Why We Need to Improve Fitness Inclusivity

It feels a bit weird getting back into blogging after a few weeks off, but it’s definitely well overdue. My goal this week has been to start getting into a healthy lifestyle over here – I’ve managed to get myself back to the gym and start eating right again. I feel like I’m doing pretty well, but have been getting odd moments of homesickness, and I think giving myself some routine and structure is really helpful. Whilst I’m talking health and fitness, this week’s * post is focused on something I feel super passionately about – fitness inclusivity.


But what do I mean by ‘fitness inclusivity’? Well, simply put, it’s the idea that anyone can enjoy exercise and fitness, and that everyone has the right to do so without fear of being judged. To me, fitness is all about positivity and making yourself feel good, and everyone deserves to be able to do that for themselves. Although inclusivity is without a doubt improving, and the people involved in the fitness industry are generally incredibly supportive and helpful regardless of what you look like, I believe there’s still a really long way to go when it comes to fitness brands.


Despite the body positivity movement being adopted by more and more brands, one of the biggest areas getting left behind is activewear. Other brands such as ASOS have really made leaps on the inclusivity front; by showing models’ stretch marks and ‘imperfections’, as well as having disabled models, plus-sized models, and models of different ethnicities; they’re really paving the way in representing a diverse range of people. When it comes to activewear brands, however, the progress is in many cases non-existent. Don’t get me wrong, I love these brands’ products, but when I go to buy them, I almost feel like a fraud; as though I’m not really ‘fit enough’ to be wearing them. I don’t think I’ve seen any plus-sized models, or in fact anyone that really deviates from being very obviously lean and athletic.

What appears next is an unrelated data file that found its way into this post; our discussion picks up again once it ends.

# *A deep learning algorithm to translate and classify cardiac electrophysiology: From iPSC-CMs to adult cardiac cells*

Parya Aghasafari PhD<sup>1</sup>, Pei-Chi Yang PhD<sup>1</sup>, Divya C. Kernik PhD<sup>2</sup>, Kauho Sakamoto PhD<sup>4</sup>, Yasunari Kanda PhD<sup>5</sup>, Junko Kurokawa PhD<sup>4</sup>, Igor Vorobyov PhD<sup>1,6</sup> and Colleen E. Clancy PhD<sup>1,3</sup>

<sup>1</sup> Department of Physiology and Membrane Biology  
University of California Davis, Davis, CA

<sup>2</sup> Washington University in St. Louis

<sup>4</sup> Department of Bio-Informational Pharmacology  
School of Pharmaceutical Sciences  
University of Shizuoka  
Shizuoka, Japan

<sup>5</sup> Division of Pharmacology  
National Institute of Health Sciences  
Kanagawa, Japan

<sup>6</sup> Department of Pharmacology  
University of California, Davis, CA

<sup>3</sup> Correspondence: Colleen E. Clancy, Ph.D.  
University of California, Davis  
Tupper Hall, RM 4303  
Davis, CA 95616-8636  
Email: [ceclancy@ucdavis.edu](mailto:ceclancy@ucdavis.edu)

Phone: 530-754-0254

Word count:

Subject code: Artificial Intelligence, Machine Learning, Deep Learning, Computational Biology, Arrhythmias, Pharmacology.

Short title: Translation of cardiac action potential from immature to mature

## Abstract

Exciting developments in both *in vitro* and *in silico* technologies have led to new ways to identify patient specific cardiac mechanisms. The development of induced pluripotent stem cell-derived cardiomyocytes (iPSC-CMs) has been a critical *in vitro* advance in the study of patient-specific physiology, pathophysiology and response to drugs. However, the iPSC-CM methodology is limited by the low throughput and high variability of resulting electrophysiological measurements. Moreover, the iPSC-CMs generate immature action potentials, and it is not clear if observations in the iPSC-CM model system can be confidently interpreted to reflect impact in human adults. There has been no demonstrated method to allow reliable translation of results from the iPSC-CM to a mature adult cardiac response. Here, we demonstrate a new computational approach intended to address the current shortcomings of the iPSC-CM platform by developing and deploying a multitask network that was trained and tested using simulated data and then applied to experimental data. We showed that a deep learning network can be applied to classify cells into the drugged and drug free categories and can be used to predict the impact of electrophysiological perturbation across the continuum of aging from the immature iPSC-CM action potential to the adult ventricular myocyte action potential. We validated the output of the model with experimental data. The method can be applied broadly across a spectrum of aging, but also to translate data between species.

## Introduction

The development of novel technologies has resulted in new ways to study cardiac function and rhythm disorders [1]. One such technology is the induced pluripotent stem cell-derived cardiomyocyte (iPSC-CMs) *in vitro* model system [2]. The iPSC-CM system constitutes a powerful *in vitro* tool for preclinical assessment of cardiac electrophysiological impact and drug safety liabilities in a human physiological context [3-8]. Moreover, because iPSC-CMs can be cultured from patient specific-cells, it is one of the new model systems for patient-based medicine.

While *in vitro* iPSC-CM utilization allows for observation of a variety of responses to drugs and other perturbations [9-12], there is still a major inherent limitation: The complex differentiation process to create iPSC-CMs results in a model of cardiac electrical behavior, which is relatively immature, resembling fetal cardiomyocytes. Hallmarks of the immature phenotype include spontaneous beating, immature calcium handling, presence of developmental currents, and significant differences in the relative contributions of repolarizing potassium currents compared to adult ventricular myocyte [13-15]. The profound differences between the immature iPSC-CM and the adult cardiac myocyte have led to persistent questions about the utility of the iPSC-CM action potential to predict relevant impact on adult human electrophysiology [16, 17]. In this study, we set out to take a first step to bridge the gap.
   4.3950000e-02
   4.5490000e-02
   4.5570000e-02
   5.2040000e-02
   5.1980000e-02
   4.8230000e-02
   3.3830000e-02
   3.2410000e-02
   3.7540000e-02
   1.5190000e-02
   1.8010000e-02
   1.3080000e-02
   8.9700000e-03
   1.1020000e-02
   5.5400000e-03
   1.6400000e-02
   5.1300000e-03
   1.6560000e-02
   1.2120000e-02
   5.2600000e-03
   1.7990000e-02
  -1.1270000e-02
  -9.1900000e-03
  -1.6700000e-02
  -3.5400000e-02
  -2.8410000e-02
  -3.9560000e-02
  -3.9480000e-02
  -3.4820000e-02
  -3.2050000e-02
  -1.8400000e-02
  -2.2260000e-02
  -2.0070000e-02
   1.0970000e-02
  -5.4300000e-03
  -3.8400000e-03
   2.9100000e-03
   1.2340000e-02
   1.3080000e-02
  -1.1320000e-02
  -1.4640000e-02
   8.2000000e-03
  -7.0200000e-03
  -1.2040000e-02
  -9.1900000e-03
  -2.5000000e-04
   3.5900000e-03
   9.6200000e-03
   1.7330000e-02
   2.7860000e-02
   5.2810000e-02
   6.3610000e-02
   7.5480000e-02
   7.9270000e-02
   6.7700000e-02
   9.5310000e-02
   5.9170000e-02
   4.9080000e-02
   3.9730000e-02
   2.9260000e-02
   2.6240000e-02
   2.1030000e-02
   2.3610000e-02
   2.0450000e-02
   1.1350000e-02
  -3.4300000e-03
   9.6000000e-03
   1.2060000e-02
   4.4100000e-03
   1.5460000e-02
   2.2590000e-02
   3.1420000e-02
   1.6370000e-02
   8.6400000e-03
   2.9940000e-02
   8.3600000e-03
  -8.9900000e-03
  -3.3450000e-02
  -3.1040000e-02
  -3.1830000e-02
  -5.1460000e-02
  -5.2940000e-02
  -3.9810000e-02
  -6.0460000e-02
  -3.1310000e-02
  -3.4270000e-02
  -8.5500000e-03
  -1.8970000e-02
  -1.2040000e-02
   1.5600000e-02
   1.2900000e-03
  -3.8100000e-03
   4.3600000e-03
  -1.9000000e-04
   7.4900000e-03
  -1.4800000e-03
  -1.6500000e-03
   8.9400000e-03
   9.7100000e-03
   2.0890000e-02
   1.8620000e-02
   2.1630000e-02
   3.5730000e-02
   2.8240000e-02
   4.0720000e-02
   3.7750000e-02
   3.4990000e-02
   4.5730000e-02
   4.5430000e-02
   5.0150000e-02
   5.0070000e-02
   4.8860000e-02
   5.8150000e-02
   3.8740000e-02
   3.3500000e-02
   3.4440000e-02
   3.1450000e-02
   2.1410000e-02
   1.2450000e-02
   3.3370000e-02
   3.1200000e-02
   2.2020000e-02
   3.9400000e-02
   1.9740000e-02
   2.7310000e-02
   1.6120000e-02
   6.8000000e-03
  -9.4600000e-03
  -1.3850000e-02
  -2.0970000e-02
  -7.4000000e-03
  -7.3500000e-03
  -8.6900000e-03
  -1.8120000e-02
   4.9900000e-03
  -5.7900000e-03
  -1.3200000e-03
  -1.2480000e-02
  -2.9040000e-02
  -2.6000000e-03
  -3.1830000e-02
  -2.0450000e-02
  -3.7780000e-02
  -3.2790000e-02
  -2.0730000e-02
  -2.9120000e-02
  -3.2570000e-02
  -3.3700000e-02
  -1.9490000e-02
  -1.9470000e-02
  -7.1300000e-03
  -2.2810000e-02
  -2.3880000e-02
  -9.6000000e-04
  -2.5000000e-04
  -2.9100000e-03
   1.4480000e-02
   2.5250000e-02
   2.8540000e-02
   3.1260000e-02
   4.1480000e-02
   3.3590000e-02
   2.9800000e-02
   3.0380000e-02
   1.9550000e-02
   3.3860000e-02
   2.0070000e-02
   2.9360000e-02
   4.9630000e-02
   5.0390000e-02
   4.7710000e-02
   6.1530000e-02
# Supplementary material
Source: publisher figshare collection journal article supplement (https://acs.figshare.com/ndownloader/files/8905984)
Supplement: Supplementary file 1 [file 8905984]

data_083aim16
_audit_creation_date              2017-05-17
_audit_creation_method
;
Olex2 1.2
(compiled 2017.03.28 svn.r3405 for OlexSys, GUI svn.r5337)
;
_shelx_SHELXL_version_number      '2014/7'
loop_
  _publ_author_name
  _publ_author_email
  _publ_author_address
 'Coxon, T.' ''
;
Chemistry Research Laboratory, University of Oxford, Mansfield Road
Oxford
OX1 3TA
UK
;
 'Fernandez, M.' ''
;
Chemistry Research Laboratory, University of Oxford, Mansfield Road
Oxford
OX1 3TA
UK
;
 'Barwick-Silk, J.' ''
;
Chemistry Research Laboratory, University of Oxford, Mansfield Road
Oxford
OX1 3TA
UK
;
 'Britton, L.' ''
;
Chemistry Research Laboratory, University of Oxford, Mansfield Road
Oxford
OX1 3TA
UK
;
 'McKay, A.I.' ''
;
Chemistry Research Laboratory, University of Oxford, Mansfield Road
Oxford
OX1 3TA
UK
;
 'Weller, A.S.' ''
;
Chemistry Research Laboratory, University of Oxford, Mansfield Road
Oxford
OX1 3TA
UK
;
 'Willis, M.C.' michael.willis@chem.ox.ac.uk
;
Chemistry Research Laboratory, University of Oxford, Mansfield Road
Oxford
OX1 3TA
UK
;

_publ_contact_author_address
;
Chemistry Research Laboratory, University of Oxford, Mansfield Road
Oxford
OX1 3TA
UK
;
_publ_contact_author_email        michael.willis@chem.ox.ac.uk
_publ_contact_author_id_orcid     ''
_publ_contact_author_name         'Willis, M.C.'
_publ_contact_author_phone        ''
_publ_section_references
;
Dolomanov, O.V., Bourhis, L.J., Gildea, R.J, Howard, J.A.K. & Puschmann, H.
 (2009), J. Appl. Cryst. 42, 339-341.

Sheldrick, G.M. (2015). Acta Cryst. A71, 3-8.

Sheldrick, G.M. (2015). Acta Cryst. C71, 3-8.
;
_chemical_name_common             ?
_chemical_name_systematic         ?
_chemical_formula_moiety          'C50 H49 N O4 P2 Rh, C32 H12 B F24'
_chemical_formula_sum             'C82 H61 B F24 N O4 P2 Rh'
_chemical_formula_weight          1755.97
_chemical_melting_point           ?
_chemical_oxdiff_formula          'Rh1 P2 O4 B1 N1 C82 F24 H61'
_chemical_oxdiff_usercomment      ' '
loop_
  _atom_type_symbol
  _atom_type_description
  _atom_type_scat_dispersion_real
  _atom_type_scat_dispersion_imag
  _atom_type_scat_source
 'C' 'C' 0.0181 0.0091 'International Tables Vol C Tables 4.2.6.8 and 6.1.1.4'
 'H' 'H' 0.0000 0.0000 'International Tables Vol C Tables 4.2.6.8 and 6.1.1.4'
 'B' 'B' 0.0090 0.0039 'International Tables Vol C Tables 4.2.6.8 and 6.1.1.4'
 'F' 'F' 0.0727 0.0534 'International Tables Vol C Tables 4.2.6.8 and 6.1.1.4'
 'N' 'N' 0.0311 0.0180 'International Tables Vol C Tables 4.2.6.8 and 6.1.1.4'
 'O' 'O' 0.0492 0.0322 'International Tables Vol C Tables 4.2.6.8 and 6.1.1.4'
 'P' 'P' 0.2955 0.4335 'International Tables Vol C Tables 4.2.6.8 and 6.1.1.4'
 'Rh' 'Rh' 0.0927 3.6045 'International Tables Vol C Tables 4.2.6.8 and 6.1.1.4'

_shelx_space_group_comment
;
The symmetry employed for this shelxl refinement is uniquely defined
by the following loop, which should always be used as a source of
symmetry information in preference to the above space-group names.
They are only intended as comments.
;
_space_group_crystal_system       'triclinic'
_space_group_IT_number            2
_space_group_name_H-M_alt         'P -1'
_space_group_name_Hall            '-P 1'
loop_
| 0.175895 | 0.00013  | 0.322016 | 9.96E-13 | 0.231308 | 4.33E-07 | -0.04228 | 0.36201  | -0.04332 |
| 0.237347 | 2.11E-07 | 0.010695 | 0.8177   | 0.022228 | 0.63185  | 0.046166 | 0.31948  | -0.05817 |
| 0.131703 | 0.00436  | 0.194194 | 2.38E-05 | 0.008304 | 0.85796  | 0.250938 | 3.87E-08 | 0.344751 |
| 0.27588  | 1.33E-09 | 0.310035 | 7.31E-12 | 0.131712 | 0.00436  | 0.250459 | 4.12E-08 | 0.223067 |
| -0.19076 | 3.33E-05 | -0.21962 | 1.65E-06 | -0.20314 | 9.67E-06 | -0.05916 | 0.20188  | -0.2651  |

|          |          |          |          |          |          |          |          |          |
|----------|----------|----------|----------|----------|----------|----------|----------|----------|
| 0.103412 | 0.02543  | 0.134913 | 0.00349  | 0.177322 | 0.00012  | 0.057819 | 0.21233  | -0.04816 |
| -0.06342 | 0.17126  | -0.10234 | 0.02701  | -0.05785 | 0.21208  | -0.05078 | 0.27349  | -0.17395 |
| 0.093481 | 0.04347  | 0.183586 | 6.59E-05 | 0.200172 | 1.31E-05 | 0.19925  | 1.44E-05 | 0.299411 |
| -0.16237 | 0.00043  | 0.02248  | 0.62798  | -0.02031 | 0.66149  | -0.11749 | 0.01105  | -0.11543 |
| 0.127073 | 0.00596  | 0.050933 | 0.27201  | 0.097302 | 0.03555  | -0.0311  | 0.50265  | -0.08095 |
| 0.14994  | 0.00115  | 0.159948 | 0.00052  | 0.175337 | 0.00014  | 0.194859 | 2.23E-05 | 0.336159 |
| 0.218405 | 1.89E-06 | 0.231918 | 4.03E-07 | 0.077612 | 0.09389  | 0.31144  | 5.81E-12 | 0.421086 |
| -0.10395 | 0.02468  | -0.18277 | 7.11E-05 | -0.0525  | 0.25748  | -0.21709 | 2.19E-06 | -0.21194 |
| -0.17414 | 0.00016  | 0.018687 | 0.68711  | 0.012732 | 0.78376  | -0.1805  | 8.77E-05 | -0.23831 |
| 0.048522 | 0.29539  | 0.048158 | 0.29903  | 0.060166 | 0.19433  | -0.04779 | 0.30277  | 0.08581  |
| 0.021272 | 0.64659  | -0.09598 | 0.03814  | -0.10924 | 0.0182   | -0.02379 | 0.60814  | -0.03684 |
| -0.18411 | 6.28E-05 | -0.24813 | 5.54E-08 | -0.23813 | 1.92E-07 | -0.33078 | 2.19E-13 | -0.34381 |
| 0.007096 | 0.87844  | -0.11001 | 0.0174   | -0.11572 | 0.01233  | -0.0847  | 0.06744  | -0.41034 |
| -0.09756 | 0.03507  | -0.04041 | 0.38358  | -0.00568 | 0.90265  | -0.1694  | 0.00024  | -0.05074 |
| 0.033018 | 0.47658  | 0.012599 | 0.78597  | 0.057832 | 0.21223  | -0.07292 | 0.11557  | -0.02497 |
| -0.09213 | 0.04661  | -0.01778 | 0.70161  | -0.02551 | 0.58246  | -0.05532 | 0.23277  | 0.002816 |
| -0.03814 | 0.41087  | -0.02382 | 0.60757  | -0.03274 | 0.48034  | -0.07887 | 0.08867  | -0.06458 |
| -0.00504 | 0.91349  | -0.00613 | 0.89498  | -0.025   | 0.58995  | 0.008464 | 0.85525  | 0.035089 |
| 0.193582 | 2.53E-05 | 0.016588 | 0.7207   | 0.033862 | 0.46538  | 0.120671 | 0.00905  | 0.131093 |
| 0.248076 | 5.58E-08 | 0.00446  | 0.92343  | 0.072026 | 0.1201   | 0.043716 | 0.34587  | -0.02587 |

The sizing only accentuates this. I am a size 12, and on one of my favourite activewear sites, this makes me a large, which presumably would make someone of a size 14 an XL, which is the biggest size they stock. In the UK, the average dress size is 16. Do these brands not realise this? Or are they still stuck in the mindset that larger people cannot be fit or into exercise? Catering for a wider range of shapes and sizes is not going to hurt their brand – we all know by now that size is not the only indicator of health and fitness. In fact, being more inclusive would surely help them; what can be bad about reaching more customers, whilst also making people who don’t lie within the fitness ‘norm’ feel included and accepted.


I strongly believe that fitness is about celebrating who we are and loving our bodies, and fitness brands would be so much better off if they catered for everybody who was interested in doing something good for themselves, rather than just the elite. Because what is so unbelievable about a size 16 woman who enjoys keeping fit and wearing nice activewear? Don’t get me wrong, I love my activewear, but it’s always a bit sad/unhelpful only to see the clothing modelled on people I, and many others, will never look anything like.


*(rather short – got a case of the post blogging break writers block)

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